• Improves collaboration: Mind mapping can be an effective way to facilitate collaboration and teamwork. By allowing participants to contribute their ideas and perspectives to the mind map, the group can build on each other’s insights and create a more comprehensive understanding of the focus topic.

Disadvantages of Mind Mapping

Some of the disadvantages of using mind mapping for brainstorming include:

  • Time-consuming: It can be time-consuming to create a detailed and comprehensive mind map, particularly if there are a large number of ideas to explore.
  • May not be effective for everyone: The visual nature of mind mapping may not be effective for everyone, and some participants may prefer more traditional brainstorming techniques.

Example – Mind Mapping Brainstorming Technique

Let’s say you are brainstorming ideas for a new product launch.

You could use Mind Mapping Brainstorming Technique to explore different marketing strategies for the launch. Here’s an example of what your mind map could look like:

Mind Mapping Brainstorming Technique

Mind Mapping Brainstorming Worksheet

Step 1: Define the Central Idea

Write the central idea or topic in the center of the page. This should be a broad idea that the team wants to explore. For example, if you’re brainstorming ideas for a new marketing campaign, the central idea could be “Marketing Campaign Ideas.”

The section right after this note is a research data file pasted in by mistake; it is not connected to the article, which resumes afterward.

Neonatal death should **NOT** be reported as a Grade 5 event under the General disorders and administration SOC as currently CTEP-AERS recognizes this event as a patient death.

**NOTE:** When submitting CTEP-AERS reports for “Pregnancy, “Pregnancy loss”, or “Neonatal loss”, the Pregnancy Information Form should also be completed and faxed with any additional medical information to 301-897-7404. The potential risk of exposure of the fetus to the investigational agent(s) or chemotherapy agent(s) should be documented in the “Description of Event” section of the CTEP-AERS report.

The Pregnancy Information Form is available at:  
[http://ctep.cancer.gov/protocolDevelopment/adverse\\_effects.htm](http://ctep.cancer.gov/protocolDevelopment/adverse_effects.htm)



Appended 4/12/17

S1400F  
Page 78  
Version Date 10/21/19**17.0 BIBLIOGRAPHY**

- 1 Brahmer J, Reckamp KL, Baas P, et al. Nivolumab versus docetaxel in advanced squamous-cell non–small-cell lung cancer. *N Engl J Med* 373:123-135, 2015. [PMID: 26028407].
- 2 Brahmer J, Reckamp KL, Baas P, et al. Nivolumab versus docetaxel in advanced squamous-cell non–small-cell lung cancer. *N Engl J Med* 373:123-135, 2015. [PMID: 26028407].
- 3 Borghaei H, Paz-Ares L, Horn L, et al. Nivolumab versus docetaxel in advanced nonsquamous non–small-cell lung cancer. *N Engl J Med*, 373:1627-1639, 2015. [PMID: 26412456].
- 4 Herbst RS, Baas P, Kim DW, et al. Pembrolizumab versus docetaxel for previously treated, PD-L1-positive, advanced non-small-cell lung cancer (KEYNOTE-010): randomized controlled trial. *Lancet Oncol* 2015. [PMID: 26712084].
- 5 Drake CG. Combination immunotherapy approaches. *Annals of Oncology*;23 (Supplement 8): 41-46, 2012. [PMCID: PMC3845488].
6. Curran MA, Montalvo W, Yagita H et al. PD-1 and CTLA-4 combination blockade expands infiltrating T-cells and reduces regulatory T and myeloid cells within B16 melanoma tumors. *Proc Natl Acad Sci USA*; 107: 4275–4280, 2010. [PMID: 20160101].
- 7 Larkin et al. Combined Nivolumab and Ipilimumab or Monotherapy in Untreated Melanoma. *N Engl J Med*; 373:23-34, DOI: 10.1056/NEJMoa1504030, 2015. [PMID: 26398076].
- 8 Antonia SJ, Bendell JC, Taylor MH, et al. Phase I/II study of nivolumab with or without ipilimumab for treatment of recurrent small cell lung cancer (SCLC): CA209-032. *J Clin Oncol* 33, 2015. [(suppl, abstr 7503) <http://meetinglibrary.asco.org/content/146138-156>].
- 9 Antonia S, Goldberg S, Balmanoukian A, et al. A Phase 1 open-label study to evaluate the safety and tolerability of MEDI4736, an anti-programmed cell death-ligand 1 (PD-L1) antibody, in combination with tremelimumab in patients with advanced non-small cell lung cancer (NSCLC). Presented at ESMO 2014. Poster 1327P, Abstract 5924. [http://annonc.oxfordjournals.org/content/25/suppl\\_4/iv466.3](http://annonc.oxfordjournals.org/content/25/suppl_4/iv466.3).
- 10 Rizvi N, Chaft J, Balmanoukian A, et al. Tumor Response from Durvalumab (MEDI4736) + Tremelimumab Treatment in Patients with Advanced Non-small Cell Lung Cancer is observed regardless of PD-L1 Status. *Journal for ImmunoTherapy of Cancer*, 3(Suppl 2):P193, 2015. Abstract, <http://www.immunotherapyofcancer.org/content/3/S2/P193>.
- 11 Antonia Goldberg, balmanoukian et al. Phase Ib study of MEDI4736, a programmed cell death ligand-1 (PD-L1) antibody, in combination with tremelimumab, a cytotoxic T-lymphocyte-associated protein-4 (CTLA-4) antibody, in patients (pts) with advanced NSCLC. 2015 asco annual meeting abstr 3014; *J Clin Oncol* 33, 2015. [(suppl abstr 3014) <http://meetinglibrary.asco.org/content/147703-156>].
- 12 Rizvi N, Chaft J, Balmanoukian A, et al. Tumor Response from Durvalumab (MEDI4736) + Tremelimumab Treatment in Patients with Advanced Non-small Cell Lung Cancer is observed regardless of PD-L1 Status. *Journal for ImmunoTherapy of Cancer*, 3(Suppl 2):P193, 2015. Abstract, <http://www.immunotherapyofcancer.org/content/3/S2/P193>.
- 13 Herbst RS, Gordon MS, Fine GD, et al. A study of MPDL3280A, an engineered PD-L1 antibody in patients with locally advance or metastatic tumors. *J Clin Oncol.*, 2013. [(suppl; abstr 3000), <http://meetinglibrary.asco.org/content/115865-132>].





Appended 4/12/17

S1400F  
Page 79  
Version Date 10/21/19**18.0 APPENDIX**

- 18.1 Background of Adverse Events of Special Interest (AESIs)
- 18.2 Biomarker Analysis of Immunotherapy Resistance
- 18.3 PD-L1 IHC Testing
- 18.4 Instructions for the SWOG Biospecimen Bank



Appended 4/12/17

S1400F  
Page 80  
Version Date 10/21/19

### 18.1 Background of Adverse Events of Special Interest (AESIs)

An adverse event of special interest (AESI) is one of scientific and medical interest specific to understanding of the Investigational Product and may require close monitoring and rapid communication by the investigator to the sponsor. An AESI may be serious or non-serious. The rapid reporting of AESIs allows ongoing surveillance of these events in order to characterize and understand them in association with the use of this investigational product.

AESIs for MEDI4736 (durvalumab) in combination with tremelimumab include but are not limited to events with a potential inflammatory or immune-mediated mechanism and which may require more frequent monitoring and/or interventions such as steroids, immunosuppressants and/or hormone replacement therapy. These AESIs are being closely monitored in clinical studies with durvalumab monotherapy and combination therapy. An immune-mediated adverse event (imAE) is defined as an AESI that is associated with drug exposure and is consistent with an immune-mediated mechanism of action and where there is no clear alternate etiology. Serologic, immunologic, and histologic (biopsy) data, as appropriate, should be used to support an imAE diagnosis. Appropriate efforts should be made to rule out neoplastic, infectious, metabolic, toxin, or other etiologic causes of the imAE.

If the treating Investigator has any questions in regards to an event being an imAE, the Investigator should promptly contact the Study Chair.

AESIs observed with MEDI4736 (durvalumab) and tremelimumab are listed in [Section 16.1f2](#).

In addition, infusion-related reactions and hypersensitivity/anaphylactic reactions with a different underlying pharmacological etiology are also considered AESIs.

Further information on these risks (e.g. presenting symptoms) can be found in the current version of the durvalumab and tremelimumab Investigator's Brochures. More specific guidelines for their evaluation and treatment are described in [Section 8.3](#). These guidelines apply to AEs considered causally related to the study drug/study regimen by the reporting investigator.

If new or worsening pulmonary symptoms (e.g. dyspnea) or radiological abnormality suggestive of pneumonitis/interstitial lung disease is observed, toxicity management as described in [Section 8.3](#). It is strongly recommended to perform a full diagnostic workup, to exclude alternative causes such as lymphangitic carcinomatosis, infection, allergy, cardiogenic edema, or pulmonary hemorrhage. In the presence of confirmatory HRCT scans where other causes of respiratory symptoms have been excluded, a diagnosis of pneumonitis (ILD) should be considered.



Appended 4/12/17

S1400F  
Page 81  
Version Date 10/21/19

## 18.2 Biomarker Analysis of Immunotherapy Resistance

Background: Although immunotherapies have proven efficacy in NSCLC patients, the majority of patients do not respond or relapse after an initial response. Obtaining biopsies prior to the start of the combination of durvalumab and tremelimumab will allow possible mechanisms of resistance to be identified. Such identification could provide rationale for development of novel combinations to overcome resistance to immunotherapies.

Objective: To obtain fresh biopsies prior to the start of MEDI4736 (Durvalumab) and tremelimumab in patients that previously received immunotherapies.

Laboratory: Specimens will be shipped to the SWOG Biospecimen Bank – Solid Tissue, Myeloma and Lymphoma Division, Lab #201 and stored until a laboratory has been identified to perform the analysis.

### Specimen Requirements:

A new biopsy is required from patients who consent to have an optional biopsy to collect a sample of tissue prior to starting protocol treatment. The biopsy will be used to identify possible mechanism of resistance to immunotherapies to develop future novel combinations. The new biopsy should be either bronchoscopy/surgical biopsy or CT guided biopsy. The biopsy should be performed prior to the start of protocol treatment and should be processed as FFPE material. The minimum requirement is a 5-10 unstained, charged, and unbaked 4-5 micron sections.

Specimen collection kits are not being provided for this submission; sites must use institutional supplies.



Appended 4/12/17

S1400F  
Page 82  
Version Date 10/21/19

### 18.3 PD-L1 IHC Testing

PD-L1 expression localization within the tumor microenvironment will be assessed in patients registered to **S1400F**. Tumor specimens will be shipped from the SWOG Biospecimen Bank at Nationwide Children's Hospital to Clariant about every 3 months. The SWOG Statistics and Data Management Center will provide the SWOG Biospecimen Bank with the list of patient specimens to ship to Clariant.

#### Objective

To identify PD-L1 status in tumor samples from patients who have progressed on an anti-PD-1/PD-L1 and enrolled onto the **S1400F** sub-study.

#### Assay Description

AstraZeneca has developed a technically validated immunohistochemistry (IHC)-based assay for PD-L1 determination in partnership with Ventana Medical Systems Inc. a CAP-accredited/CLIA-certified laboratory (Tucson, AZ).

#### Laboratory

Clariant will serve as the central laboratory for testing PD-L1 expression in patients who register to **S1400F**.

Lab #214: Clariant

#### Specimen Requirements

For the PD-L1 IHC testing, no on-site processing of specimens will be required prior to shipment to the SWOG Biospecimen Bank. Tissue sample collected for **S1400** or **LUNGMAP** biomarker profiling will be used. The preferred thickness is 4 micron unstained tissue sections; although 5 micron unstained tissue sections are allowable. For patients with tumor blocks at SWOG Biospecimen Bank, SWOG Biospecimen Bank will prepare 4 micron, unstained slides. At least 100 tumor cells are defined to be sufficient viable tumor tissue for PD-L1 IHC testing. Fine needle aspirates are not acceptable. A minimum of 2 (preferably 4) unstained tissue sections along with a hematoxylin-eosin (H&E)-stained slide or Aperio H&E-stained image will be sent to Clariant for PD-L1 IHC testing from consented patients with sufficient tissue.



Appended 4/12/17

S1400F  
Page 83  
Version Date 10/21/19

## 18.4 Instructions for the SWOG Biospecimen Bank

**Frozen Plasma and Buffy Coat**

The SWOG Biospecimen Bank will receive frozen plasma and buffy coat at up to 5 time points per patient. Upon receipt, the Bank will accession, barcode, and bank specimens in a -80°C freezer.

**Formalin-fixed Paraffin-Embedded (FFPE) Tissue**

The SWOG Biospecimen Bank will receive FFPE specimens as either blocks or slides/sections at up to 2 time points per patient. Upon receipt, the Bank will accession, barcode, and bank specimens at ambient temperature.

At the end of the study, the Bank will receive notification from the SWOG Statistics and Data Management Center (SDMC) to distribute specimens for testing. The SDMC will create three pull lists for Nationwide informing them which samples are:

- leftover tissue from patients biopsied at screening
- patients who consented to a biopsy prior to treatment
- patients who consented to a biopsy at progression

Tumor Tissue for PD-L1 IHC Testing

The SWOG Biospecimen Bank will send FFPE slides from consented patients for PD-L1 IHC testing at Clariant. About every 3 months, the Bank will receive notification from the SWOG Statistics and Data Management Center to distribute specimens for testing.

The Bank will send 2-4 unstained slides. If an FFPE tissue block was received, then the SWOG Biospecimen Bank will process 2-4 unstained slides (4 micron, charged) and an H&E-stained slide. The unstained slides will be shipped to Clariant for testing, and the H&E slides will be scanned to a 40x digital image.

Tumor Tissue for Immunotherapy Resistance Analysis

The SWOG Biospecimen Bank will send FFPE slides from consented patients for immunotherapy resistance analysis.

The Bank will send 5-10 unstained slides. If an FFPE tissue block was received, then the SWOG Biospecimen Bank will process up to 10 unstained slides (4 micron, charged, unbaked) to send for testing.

Step 2: Generate Related Ideas

Draw branches out from the central idea and write related concepts on each branch. These can be sub-ideas, keywords, or other related concepts. Encourage everyone to contribute as many ideas as possible, without judging or critiquing them at this stage.

Step 3: Create Sub-branches

For each branch, create sub-branches that explore further related ideas. Use symbols or icons to represent different types of ideas, such as problems, solutions, opportunities, or challenges. Use colors to differentiate between different types of ideas.

Step 4: Identify Connections

Look for connections and relationships between different ideas on the mind map. Use arrows or lines to connect related concepts or show how one idea leads to another. This can help you to identify patterns, opportunities, and areas for further exploration.

Step 5: Evaluate and Refine

Review the mind map and identify the most promising ideas. Discuss the potential strengths and weaknesses of each idea, and refine them to make them more specific, actionable, and feasible.

Step 6: Action Planning

Use the mind map to create an action plan for implementing the most promising ideas. Assign roles and responsibilities, set timelines and deadlines, and identify resources needed to turn the ideas into action.


Mind mapping is a powerful tool for generating, organizing, and refining ideas. By visually representing related concepts, you can identify new opportunities, connections, and relationships that might not be apparent in a traditional brainstorming session.


Use this worksheet to guide your team through a Mind Mapping brainstorming session and see what new ideas you can come up with!


Marty Hoffman

Marty Hoffman, MBA, PhD Management Consultant for Fortune 500 and Corporate Strategist 📍 San Francisco, CA More »